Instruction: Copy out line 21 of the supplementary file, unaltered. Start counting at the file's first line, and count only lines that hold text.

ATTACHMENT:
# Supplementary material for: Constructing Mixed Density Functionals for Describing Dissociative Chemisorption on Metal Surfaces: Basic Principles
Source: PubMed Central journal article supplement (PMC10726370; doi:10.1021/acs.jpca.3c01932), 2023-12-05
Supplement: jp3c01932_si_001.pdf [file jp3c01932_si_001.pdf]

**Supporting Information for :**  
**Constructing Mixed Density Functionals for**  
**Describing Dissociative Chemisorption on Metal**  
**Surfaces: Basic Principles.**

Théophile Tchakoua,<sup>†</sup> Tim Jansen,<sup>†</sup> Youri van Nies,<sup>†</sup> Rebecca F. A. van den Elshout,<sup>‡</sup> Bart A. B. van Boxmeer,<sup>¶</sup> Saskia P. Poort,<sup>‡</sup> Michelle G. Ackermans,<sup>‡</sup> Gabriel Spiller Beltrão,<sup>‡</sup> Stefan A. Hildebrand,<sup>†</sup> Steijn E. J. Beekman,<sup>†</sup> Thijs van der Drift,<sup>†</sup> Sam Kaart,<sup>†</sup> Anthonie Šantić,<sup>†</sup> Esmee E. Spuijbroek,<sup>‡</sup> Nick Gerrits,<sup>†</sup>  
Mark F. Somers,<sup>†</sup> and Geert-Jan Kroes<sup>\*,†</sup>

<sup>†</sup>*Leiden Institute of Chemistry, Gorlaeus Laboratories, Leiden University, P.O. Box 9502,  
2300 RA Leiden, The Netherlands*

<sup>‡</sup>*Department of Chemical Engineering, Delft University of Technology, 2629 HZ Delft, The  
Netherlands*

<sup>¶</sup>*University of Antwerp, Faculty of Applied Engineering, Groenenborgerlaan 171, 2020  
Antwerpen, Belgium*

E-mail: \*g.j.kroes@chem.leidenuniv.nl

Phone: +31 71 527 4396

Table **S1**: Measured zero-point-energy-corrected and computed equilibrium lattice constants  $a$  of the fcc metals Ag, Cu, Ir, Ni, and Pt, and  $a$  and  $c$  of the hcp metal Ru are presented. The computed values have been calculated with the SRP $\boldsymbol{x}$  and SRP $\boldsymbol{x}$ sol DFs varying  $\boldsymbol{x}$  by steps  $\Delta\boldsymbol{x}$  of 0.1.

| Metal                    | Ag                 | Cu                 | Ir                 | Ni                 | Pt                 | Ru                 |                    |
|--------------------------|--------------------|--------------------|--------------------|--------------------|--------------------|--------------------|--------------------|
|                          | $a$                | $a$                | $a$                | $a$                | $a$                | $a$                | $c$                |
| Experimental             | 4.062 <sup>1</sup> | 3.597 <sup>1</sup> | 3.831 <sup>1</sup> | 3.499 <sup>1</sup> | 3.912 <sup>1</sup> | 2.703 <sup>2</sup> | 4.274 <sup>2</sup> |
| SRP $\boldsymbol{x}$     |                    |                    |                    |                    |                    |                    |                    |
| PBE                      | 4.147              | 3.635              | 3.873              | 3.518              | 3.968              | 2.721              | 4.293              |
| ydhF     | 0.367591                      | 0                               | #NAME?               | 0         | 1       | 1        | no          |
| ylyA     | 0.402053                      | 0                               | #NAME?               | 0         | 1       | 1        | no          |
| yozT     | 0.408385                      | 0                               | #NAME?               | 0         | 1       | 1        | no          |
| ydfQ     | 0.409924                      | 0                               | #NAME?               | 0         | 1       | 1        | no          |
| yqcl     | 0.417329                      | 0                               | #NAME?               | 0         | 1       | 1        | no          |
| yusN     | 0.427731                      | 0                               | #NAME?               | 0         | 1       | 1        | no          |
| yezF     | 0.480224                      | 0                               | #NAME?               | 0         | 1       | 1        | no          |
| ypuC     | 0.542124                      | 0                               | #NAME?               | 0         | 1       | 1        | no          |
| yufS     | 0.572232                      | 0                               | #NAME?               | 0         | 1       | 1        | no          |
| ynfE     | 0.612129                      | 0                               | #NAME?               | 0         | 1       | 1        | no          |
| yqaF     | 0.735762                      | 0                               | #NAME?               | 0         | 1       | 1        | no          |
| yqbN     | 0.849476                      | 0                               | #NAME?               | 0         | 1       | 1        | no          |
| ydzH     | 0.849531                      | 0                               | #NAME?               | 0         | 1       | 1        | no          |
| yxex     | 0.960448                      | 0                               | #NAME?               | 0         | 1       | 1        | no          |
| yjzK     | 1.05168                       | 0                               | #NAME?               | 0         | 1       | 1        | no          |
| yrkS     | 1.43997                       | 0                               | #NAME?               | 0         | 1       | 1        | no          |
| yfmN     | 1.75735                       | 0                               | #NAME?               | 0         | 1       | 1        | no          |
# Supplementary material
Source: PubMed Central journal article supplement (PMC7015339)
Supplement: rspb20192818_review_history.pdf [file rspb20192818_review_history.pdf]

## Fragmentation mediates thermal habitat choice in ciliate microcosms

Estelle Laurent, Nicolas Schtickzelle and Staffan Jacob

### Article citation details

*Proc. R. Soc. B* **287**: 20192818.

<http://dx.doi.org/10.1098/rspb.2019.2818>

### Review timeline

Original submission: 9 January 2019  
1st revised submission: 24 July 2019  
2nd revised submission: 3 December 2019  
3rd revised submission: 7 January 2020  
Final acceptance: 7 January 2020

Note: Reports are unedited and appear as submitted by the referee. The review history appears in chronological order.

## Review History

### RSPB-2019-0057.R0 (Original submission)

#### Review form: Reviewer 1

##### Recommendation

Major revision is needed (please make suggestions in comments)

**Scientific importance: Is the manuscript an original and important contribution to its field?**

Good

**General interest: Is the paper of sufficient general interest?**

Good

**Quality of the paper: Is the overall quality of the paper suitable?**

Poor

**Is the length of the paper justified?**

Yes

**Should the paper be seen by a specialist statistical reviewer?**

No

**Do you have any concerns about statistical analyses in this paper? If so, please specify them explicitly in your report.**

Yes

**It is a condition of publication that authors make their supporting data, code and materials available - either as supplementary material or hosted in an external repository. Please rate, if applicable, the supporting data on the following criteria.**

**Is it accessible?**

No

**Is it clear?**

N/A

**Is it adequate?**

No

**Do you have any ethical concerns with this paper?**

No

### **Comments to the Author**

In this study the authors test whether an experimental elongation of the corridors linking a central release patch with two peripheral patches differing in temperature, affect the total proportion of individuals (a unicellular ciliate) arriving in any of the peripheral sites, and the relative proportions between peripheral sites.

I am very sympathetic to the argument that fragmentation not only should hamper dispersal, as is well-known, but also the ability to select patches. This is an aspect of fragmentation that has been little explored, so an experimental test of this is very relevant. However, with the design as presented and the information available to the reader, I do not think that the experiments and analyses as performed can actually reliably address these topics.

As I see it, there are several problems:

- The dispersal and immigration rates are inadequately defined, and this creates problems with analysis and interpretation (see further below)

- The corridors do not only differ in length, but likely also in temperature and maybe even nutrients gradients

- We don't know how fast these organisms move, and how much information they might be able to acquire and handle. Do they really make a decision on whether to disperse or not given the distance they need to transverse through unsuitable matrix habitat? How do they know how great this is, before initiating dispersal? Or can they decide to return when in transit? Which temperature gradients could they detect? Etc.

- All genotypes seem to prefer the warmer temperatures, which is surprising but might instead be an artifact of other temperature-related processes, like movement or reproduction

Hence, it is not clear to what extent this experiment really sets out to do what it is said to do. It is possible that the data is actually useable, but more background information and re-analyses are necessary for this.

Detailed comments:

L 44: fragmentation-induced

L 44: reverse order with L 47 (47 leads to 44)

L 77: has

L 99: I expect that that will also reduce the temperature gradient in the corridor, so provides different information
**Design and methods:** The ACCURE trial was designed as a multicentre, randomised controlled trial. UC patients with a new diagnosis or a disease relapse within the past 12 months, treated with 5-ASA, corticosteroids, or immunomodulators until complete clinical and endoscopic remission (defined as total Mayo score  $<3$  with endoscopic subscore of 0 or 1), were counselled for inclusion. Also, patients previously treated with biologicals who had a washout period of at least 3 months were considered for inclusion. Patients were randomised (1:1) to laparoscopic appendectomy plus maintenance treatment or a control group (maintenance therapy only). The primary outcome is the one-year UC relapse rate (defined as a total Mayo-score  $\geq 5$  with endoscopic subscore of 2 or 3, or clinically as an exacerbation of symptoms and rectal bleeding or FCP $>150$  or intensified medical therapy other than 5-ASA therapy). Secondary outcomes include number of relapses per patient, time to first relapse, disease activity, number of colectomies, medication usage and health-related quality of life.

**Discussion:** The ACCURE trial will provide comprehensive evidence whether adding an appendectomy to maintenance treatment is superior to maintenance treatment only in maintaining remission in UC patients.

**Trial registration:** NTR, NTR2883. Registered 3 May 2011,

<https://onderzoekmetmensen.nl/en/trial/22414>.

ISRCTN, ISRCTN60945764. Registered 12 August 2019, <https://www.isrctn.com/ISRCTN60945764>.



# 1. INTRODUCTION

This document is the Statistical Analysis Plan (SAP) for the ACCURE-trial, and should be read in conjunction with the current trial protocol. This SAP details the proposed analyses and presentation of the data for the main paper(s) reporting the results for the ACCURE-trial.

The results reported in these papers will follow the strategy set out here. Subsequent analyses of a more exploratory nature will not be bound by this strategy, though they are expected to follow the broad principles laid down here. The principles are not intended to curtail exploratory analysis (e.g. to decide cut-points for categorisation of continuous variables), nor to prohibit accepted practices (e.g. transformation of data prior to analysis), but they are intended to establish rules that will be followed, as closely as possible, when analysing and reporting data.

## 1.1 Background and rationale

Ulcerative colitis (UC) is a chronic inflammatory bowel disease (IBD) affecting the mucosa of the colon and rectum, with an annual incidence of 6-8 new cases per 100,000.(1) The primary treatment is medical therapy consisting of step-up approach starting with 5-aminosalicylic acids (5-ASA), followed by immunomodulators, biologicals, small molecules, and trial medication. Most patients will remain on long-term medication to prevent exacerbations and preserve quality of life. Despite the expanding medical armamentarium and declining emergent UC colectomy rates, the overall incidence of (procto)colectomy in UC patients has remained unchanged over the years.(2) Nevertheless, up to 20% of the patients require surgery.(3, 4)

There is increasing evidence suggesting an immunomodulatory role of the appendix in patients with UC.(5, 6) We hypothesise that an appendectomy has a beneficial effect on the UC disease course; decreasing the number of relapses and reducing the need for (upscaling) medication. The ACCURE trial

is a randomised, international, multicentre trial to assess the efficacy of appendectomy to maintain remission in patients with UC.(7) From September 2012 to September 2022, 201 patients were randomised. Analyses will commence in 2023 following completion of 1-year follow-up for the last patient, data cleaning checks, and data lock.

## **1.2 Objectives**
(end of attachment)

|                          | $a$                | $a$                | $a$                | $a$                | $a$                | $a$                | $c$                |